I’ve found many of my new students don’t really know how to set up a drum kit (or their parents as well). They buy a kit at the music store and plunk it down in the bedroom, only guessing as to proper arrangement. And there the set sits in all its poorly arranged glory for years to come.
Next to learning rudiments, it’s the single most important drum lesson students will ever attempt to master. An improperly set up kit can lead to bad technique and even injury. At a bare minimum, students most certainly won’t play poorly arranged drums nearly as well as their full potential.
Given most of my own students own real drum kits, it makes sense to learn the proper way to set up and break down a kit. And the best way to do that is well….. set up and break down your set often. Realizing most young students won’t have to setup and breakdown their kits until they join a band with rehearsal space and gigs away from home, this is where the real technique concern enters the equation. An erratically set up drum kit can literally sit in a student’s bedroom for years before that kid ever attempts the breakdown and re-setting up process. A live gig is not the place to practice.
So what are the major red flag warnings for bad kit arrangements to look out for, and what is the best process for setting up and breaking down?
First of all, the height and location of your drum seat or throne really determines everything else and is why I always set it up first in conjunction with my bass drum pedal and hi-hat stand (notwithstanding your drop carpet so the kit does not move while playing it). In my opinion (and there are differing viewpoints on this topic), the throne should be centered smack in the dead center of your drum kit arrangement. The height of your throne should allow both human legs to slightly angle downward when both feet are on the bass drum(s) and hi-hat pedals. That’s why I set up the throne with both pedals at the same time.
One additional reason is to see if your throne is too close to any back wall or staging. Once placed atop your drop carpet, sit in your throne and swivel the seat side to side with your elbows extended outward to see if anything gets in the way. Much better for that process to happen now when you can simply inch a throne a few inches forward then to have to move an entire drum set because you put the drum chair in last.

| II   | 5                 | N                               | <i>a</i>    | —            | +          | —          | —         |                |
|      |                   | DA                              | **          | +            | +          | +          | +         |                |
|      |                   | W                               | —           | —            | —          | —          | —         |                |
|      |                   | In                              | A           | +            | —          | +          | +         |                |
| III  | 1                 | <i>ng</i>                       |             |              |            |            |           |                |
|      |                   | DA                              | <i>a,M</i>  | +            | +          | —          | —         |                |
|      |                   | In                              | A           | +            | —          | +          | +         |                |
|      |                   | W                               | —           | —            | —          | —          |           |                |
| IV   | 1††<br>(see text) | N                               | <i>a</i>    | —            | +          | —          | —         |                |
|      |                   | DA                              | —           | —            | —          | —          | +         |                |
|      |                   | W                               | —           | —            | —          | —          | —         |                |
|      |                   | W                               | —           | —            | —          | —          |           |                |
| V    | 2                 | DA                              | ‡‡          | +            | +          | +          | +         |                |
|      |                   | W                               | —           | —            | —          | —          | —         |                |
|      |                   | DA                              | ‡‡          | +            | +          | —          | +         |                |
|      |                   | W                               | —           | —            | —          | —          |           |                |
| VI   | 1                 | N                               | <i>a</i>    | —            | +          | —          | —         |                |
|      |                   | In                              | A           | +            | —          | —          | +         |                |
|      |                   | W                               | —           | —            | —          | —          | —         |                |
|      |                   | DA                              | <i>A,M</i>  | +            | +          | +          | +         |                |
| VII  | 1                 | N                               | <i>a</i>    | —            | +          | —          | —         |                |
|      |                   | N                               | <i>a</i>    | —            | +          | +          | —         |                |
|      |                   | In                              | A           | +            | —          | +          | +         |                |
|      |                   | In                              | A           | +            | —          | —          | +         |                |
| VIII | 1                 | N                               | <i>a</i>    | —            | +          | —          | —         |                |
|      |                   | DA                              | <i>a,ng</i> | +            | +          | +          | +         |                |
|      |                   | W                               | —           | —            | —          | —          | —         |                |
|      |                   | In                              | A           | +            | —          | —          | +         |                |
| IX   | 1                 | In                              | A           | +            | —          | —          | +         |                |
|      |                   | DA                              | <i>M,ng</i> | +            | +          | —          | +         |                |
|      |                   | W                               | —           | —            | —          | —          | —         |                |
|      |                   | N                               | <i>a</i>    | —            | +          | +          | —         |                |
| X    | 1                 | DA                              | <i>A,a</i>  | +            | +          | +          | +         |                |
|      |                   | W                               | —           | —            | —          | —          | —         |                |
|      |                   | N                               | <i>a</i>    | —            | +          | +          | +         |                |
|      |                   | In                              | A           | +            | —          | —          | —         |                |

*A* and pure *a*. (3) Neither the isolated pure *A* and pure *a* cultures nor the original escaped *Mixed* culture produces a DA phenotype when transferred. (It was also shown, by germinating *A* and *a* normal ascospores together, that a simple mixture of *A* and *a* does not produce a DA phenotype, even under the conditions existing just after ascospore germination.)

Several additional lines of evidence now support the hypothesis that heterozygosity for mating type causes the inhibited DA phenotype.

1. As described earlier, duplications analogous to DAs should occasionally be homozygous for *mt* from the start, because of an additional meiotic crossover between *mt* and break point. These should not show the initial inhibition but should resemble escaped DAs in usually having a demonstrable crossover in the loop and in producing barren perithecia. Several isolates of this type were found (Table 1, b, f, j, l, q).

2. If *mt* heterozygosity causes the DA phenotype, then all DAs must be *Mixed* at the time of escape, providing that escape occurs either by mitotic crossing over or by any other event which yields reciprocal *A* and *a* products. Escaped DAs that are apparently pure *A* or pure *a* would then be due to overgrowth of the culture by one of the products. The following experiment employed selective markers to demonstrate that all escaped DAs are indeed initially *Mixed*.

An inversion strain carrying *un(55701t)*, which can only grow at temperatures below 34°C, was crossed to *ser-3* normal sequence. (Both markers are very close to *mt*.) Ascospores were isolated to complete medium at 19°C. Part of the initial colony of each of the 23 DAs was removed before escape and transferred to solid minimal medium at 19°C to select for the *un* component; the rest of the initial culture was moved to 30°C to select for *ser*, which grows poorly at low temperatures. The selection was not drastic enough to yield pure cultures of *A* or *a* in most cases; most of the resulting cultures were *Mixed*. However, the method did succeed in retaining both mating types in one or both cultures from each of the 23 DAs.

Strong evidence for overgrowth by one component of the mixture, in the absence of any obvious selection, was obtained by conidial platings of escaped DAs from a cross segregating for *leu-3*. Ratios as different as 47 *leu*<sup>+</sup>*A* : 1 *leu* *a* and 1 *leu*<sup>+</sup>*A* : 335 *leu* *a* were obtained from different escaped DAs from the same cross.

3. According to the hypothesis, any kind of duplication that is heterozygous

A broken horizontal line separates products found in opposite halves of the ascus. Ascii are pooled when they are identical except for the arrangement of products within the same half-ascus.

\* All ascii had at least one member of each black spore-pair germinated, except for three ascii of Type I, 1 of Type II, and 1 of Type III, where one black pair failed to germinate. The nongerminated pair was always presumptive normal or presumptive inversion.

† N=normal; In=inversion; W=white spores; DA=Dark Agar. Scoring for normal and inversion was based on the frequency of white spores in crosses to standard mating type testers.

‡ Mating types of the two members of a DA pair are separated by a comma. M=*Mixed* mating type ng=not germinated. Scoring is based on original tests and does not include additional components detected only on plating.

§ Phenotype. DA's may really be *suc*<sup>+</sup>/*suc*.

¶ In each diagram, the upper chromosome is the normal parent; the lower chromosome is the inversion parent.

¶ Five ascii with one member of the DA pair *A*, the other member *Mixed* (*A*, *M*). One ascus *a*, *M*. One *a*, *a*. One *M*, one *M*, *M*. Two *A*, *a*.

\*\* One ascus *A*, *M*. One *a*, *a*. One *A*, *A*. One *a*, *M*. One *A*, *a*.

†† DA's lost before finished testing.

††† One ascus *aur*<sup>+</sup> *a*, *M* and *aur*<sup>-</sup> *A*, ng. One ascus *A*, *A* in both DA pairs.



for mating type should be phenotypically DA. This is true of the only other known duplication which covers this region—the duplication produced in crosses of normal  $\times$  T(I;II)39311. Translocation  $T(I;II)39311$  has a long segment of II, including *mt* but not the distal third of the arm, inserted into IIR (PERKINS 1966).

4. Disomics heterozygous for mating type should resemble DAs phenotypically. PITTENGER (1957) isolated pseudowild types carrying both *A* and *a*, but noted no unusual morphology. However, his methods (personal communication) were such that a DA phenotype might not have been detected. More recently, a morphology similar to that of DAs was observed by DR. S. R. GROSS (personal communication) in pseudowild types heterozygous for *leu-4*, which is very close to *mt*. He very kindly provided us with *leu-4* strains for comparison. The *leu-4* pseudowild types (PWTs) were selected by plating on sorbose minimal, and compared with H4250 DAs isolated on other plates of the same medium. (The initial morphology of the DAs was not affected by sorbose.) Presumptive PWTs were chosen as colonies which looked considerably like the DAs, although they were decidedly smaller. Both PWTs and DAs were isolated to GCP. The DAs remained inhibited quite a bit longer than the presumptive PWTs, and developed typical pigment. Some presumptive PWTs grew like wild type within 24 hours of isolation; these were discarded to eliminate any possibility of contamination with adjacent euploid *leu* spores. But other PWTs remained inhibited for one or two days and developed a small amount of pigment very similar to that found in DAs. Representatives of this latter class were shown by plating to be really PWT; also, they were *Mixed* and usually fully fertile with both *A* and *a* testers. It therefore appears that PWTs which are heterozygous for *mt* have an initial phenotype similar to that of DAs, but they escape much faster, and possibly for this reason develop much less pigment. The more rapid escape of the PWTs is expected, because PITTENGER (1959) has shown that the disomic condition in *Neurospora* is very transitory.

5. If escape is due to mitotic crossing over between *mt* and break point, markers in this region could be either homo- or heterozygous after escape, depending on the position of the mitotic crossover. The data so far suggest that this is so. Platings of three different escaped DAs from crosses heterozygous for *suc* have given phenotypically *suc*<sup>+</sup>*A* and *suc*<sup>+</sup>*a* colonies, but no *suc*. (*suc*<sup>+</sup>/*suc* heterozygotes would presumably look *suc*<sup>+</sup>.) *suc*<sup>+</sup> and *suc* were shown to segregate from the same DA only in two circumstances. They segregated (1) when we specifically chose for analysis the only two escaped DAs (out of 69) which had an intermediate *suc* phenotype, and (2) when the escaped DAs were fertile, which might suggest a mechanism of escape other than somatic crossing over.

That said, I see plenty of drummers with no downward angle of their legs who instead prefer a straight horizontal alignment. I can’t honestly tell you which angle is better. All I know is that my legs are always slightly angled downward toward the pedals from the throne. By all means, don’t ever have your legs angled upward from the throne toward your pedals.
After the throne and hi-hat/bass pedals are set, you should attach your bass drum to the pedal already positioned on the floor. Top touring pros will tell you they don’t point their bass drums perfectly straight looking outward and instead angle them slightly offset right so that both pedal feet have a similar linear angle. I tend to agree.
Next, the snare drum should be positioned center between both pedals obviously behind the bass drum, which means it will be slightly left of your throne’s true center position. I try to get my snare stand as close to the bass drum edge hoop as possible. Many drummers slightly tilt the snare stand basket that holds the snare toward them while others prefer a straight horizontal angle of the top snare rims. Either angle is fine. Do what seems most comfortable. My thinking on snare stand height is the top hoop should be perpendicular to your waistline or belly button. That’s just a good rule of thumb. A snare stand that is set too low or too high can create drumming mechanics and navigational problems.
Now on to the toms. Which toms should be set up first? I feel the very next drum that should be added to your kit is the floor tom. Why? Because it has a very important relationship to the height and position of your snare drum. Everybody’s different, but I generally set the height of my floor tom a little bit lower than that of my snare. Having the height of your floor tom set above that of your snare will result in dropped sticks and bloody knuckles.
Next, rack toms should set up fairly easily at this point if you followed the proper kit arrangement steps, but there are a few things to keep in mind. If you’re using two mounted rack toms above your bass drum, make sure they aren’t elevated too high above the bass drum. General rule of thumb is to have bottom of tom hoops or bottom heights about 4-6 inches above your snare top and angled slightly in toward each other for easier navigation. Again, this is a matter of opinion but toms set too high or angled tend to result in dropped sticks, bloody knuckles and, well, you get the point.
Finally, I add in the crash cymbals, ride cymbal and any percussion accessory hardware. I don’t put crash or ride cymbals on the stands until after the stands themselves are placed where you actually want the cymbal to hang above your kit. Why adjust things twice? As for height or angles of the cymbals, drummers are all over the map on this one. I find the lower cymbals are hung with a decent angle downward toward your drum chair results in easier and more fluid playing. My cymbal heights on average are about 6-8 inches above any top drum head. Any don’t be afraid to hang cymbals partially over certain drums to get them closer to you. Many newer drummers have a tendency to put cymbals far and away from any drums, which is really opposite of what you should do.
The last thing to do is play your kit and refine the arrangement.
Hopefully, these tips can help you envision your own proper kit setup.